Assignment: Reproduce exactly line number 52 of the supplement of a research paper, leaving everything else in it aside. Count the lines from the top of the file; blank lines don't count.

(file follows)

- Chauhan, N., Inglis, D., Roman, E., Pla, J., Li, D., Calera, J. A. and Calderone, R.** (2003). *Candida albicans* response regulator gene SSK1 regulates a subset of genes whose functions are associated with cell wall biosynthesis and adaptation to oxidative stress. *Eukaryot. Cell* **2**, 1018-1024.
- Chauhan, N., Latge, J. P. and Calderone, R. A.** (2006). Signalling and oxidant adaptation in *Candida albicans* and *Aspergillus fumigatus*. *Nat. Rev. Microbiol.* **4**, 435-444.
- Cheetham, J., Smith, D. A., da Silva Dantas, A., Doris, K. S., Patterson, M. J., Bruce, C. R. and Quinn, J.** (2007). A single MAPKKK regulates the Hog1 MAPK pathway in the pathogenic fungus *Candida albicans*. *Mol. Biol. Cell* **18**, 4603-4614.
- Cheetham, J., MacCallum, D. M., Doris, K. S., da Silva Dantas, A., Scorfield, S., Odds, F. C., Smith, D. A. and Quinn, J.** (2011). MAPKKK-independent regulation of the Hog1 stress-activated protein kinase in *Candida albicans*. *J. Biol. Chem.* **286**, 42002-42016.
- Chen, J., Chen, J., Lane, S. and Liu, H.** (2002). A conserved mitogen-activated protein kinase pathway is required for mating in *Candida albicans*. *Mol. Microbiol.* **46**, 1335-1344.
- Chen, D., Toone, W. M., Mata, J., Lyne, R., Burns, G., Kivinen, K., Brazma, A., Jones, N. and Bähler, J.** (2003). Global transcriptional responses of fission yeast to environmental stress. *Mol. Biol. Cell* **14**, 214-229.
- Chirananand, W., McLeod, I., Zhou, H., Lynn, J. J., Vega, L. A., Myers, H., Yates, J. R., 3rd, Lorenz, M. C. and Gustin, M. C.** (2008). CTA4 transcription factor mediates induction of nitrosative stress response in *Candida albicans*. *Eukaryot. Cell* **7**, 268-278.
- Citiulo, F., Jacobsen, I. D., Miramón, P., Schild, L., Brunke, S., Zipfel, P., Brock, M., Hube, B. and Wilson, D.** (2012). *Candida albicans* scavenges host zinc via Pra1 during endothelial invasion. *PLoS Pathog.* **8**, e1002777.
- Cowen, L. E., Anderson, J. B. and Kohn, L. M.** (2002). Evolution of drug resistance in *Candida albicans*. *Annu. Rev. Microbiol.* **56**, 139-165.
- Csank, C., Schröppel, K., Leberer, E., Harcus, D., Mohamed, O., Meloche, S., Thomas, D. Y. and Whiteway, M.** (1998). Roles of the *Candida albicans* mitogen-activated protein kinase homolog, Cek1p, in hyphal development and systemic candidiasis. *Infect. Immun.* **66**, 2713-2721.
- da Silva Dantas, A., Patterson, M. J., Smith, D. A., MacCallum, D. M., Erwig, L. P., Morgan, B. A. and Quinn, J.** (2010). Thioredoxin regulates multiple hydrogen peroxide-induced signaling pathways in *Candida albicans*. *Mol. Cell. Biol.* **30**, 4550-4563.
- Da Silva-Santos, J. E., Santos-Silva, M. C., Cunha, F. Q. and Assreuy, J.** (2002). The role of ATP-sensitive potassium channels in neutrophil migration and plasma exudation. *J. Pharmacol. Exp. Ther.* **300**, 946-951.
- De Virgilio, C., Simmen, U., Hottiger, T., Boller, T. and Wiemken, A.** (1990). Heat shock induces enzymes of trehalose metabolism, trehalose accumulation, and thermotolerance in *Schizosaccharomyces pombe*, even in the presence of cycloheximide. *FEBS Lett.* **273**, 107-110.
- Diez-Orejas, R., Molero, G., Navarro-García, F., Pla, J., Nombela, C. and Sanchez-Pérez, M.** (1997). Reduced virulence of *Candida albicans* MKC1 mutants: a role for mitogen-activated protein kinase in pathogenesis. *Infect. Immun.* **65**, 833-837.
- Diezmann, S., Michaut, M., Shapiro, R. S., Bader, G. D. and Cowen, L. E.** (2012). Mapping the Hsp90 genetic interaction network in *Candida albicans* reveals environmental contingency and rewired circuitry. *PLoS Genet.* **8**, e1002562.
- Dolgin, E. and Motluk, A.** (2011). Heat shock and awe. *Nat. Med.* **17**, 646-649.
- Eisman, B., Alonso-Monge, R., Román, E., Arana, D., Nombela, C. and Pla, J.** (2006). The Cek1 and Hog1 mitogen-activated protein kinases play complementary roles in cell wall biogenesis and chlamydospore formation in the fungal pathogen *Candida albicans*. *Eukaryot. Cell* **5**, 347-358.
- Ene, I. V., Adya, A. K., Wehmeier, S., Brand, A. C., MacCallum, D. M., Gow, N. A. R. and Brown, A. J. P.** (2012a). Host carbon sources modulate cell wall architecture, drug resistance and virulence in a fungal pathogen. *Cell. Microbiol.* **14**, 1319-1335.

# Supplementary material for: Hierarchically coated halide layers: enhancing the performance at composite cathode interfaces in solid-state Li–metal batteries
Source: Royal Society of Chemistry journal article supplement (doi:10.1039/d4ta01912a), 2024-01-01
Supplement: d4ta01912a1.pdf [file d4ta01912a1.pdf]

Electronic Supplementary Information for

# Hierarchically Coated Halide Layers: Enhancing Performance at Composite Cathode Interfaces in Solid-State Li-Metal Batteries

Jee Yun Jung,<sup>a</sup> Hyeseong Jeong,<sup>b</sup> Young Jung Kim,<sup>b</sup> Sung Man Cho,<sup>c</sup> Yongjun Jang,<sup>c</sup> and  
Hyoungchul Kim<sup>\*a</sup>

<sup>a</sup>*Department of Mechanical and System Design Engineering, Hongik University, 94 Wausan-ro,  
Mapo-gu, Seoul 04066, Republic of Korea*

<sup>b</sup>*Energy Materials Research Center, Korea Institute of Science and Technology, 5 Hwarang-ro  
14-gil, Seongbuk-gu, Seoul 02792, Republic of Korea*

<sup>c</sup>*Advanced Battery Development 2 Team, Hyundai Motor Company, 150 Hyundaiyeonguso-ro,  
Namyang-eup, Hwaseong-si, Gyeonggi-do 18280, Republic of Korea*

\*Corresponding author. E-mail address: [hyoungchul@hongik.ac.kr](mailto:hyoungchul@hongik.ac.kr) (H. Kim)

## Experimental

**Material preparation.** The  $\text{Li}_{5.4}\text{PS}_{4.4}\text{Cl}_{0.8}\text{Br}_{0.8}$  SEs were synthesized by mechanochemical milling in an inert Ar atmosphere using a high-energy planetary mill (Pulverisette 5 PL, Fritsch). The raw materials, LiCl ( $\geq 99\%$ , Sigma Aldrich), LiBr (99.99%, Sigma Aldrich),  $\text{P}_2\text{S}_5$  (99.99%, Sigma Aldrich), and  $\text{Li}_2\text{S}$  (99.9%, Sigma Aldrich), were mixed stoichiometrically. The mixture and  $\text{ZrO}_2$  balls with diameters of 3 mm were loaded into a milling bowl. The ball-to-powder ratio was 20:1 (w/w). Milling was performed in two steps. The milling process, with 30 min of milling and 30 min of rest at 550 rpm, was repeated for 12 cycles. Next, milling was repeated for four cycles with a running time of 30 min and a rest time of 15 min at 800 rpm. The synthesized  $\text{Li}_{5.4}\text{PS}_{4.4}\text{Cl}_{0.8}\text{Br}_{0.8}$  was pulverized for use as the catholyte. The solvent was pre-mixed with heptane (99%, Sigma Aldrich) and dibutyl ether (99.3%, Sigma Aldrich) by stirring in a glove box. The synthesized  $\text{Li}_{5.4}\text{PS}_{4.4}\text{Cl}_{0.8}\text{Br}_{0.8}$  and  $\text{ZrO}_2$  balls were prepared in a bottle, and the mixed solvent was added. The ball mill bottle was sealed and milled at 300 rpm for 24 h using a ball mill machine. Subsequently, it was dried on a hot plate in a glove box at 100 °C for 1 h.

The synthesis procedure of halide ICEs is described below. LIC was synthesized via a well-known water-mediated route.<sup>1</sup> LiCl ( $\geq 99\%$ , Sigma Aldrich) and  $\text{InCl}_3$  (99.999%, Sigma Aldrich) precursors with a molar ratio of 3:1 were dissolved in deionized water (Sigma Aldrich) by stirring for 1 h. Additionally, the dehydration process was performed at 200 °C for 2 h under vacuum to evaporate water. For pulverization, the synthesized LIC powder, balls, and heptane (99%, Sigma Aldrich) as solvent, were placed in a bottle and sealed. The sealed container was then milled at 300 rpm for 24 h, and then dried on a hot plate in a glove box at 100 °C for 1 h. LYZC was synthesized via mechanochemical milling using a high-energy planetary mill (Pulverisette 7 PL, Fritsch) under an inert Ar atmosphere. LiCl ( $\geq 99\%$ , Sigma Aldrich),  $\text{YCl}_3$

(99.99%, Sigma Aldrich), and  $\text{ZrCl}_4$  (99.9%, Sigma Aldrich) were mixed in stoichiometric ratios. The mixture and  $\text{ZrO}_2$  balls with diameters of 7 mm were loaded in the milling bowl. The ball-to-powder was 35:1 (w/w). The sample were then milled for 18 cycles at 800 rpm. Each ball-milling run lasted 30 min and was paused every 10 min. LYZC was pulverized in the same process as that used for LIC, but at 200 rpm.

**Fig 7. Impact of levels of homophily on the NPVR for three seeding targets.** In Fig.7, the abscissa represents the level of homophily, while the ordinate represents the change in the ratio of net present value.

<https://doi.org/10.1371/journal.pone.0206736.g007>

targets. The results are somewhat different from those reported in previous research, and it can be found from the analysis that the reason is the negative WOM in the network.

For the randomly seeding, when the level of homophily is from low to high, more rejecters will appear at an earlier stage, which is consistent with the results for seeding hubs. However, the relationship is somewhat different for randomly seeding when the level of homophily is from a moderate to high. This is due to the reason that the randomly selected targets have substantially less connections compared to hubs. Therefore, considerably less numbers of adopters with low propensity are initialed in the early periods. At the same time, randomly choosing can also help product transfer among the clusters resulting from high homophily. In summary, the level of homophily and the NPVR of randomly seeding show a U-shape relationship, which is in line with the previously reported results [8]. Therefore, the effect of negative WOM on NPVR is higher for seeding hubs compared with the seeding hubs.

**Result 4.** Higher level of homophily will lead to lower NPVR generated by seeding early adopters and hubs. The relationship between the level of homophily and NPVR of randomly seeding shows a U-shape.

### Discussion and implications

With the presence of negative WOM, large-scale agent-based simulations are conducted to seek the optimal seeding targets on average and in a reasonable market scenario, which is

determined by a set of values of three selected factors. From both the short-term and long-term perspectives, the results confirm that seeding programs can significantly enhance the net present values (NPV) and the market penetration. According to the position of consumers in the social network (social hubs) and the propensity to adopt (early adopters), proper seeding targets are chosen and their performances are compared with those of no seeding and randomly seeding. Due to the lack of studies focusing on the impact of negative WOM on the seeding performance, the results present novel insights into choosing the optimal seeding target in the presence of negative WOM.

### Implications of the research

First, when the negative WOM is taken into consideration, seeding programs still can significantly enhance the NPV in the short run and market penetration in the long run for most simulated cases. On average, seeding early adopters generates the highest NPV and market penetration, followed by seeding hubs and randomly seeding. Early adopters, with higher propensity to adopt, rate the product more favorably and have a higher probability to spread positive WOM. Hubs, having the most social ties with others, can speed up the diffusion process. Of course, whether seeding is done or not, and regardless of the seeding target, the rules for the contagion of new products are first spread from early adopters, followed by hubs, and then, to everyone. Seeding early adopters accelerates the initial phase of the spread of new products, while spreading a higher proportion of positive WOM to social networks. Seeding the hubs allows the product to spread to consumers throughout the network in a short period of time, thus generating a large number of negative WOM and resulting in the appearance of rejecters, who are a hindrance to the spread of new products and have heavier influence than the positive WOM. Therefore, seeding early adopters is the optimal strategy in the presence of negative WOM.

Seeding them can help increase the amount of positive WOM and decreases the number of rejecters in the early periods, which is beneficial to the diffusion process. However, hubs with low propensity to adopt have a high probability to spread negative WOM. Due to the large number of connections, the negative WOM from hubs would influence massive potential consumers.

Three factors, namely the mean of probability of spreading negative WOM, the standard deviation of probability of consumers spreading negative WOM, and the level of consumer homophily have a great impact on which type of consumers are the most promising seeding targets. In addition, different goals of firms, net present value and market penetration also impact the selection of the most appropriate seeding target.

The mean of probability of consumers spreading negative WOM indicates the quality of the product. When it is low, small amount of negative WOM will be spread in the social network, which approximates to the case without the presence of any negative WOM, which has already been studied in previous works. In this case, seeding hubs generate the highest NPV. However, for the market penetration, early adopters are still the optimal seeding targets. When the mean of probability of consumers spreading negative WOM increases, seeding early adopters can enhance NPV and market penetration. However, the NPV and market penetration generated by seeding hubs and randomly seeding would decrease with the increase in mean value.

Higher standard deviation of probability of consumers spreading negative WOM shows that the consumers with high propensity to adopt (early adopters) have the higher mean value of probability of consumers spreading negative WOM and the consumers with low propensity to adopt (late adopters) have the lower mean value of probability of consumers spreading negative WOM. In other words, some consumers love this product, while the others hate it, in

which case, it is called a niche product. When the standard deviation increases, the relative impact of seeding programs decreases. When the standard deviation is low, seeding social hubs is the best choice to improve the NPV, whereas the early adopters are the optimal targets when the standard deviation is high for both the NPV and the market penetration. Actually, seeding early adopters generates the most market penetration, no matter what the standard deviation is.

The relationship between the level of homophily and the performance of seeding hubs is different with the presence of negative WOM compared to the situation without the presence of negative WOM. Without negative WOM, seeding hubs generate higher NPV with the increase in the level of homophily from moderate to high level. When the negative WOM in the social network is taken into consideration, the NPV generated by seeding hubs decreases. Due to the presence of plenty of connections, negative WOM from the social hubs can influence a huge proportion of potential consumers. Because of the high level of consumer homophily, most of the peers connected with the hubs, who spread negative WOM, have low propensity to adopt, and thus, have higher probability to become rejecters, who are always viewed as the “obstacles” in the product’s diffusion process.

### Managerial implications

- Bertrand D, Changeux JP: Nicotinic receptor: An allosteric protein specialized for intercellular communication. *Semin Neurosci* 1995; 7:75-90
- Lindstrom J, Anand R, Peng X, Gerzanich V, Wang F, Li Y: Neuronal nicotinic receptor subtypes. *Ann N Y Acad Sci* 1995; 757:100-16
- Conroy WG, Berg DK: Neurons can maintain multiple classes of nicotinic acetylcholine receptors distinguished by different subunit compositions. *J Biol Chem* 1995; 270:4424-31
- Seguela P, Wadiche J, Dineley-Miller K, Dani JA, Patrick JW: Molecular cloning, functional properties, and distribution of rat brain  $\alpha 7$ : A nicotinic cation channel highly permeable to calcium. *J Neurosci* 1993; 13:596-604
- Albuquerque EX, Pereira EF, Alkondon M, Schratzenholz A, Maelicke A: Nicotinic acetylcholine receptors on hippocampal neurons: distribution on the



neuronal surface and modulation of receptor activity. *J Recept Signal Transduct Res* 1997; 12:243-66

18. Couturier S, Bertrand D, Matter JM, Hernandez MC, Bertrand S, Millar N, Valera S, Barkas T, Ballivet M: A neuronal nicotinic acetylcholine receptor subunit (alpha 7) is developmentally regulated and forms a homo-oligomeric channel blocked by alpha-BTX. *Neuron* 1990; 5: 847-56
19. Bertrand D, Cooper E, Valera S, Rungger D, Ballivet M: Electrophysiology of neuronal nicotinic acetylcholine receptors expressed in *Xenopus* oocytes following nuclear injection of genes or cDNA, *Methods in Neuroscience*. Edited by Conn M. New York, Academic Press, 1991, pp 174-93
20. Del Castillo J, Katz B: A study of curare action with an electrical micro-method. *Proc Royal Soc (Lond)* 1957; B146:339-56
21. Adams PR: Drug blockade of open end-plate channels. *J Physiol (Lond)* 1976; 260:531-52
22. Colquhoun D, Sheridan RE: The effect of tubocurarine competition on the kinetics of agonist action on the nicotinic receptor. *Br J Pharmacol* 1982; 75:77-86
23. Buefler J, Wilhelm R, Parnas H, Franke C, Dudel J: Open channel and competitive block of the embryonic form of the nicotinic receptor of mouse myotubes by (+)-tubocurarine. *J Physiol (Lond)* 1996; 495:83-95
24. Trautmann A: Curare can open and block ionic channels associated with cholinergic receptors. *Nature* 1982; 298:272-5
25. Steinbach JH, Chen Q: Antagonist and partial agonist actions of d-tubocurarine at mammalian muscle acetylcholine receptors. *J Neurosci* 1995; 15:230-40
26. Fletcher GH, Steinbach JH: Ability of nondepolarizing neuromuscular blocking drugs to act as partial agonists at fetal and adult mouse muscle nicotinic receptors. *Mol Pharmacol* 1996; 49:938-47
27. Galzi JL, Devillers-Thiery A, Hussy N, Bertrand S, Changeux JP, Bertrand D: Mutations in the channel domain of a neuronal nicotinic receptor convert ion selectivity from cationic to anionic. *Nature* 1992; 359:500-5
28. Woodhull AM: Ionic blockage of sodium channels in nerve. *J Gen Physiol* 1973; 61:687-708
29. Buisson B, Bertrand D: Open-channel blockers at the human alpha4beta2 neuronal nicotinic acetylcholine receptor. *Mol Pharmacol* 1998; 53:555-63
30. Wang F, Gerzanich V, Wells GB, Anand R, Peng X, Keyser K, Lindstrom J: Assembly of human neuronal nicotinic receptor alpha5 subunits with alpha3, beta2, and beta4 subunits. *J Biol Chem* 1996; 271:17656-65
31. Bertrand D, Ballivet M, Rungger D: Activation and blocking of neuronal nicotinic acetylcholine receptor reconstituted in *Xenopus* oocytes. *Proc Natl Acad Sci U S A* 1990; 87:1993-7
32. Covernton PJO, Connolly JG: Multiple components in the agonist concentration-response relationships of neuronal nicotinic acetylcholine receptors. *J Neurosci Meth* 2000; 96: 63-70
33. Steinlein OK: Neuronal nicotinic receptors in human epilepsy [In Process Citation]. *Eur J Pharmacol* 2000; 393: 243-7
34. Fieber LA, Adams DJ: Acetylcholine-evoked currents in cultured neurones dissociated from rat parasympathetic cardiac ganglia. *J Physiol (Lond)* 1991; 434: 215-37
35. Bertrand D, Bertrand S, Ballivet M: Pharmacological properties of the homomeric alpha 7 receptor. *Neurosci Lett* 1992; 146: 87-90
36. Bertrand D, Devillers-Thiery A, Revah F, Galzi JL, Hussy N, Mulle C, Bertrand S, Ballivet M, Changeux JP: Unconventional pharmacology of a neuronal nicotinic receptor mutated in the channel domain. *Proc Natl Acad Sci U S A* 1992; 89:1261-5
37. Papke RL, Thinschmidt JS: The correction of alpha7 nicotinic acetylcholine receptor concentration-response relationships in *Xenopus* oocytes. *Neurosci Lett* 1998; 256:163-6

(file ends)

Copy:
The relationship between the level of homophily and the performance of seeding hubs is different with the presence of negative WOM compared to the situation without the presence of negative WOM. Without negative WOM, seeding hubs generate higher NPV with the increase in the level of homophily from moderate to high level. When the negative WOM in the social network is taken into consideration, the NPV generated by seeding hubs decreases. Due to the presence of plenty of connections, negative WOM from the social hubs can influence a huge proportion of potential consumers. Because of the high level of consumer homophily, most of the peers connected with the hubs, who spread negative WOM, have low propensity to adopt, and thus, have higher probability to become rejecters, who are always viewed as the “obstacles” in the product’s diffusion process.